In the room alone

It was a warm night, she said, and she wore shorts and a tank top. She encountered the older students in the crowd. She'd met them briefly earlier that day, she said, while buying a textbook.

The chaos of the crowd brought anonymity, Balfour said. So when she was pinned between them, no one noticed. Not until two first-year students made eye contact with her, she said, and one of them mouthed "are you OK?" She shook her head.

The students yanked her out and rushed away with her, she said, and she went back to her room. A security guard knocked on her door for something unrelated, Balfour said, and she started to cry. "I said, 'I'm really not having a good time right now because I think I was just sexually assaulted."

The security guard took her to her community adviser — an older student assigned to help younger ones — and the pair were taken to the campus security building. Security called police.

Balfour said she wanted to take the community adviser into the interview with her, but police wouldn't allow it.

Victims need help navigating the system

The officers asked "repeatedly" about alcohol, Balfour said. They also mentioned the shorts and tank top. Balfour had two rescuers as witnesses. She even knew how to find the guys.

The officers, Balfour said, told her it wasn't likely to succeed in court. "The overarching message was statistically, these things don't go very far."

Lukasik-Foss says even if Balfour's case isn't among the unfounded, it's important.

"We'd like to look at these kinds of examples where charges didn't proceed as well," she said. "If a survivor/victim feels like they're being interrogated, they're not going to want to proceed."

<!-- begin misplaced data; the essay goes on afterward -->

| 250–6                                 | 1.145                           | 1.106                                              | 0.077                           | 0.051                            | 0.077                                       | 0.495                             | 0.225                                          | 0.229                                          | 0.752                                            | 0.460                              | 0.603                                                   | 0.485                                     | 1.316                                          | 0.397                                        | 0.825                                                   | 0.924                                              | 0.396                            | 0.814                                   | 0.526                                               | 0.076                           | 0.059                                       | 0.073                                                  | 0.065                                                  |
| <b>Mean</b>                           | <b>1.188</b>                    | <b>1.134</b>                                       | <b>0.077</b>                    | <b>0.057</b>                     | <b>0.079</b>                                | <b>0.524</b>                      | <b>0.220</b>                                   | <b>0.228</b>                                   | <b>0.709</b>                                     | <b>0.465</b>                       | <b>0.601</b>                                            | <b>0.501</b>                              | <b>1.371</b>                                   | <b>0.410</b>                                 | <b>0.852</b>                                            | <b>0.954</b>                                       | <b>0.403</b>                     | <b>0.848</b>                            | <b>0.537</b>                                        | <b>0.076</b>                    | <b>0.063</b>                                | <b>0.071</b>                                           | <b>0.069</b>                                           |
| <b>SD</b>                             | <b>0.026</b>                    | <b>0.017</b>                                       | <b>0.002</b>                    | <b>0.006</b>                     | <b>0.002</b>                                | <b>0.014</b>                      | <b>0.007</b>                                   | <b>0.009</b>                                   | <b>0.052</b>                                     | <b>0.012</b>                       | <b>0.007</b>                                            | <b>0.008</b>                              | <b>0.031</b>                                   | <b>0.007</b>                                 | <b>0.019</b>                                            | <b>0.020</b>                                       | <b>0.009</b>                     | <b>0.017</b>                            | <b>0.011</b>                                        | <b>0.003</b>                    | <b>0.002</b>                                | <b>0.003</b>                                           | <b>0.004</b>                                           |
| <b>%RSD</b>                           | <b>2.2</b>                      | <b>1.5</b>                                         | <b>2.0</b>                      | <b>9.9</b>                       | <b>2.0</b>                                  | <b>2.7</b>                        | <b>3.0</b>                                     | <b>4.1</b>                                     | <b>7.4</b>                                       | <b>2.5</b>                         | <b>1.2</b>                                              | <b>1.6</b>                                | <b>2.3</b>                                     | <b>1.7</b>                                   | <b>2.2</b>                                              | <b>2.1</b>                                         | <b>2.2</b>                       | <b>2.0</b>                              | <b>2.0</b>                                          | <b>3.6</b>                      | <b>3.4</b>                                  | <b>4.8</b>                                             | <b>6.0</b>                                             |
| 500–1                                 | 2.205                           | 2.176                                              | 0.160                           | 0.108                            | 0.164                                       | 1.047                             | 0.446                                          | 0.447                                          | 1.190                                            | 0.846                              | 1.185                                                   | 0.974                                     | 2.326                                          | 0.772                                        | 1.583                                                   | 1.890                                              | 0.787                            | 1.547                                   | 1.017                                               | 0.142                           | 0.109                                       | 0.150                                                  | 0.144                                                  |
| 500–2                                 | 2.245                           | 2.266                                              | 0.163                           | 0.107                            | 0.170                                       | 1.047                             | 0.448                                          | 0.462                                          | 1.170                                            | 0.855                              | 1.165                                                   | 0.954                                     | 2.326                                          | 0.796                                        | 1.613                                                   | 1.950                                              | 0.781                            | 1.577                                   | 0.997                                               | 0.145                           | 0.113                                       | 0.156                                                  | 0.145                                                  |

The key is for "more survivors to feel like they have support people around them," she said. "Having someone who can help you navigate the system is a great plan."

Police 'take all reported occurrences seriously'

Deputy Chief Dan Kinsella issued a prompt response after contacted by CBC about Balfour's case, saying the service would look into how police handled it.

"Please know that the Hamilton Police Service takes all reported occurrences of sexual assault seriously," he said in an email.

The recent review of how police handle sexual assault investigations, and the work with experts and community partners, has helped the service identify and adopt best practices, he said. This will help victims "receive the best possible service and care." 

Kinsella said he couldn't comment specifically on the case, but "based on your inquiry, we will be completing a review of the occurrence and our investigation of the matter," he said. "At the conclusion of our review, we will follow up directly with the victim to discuss the results."

Balfour said after the police interview, she told the story several more times — to the student conduct office, to counsellors, to security.

"I must have told my story over a dozen times, and I reached the point where I don't want to tell it anymore. I'm done."


Samantha Craggs is journalist based in Windsor, Ont. She is executive producer of CBC Windsor and previously worked as a reporter and producer in Hamilton, specializing in politics and city hall. Follow her on Twitter at @SamCraggsCBC, or email her at samantha.craggs@cbc.ca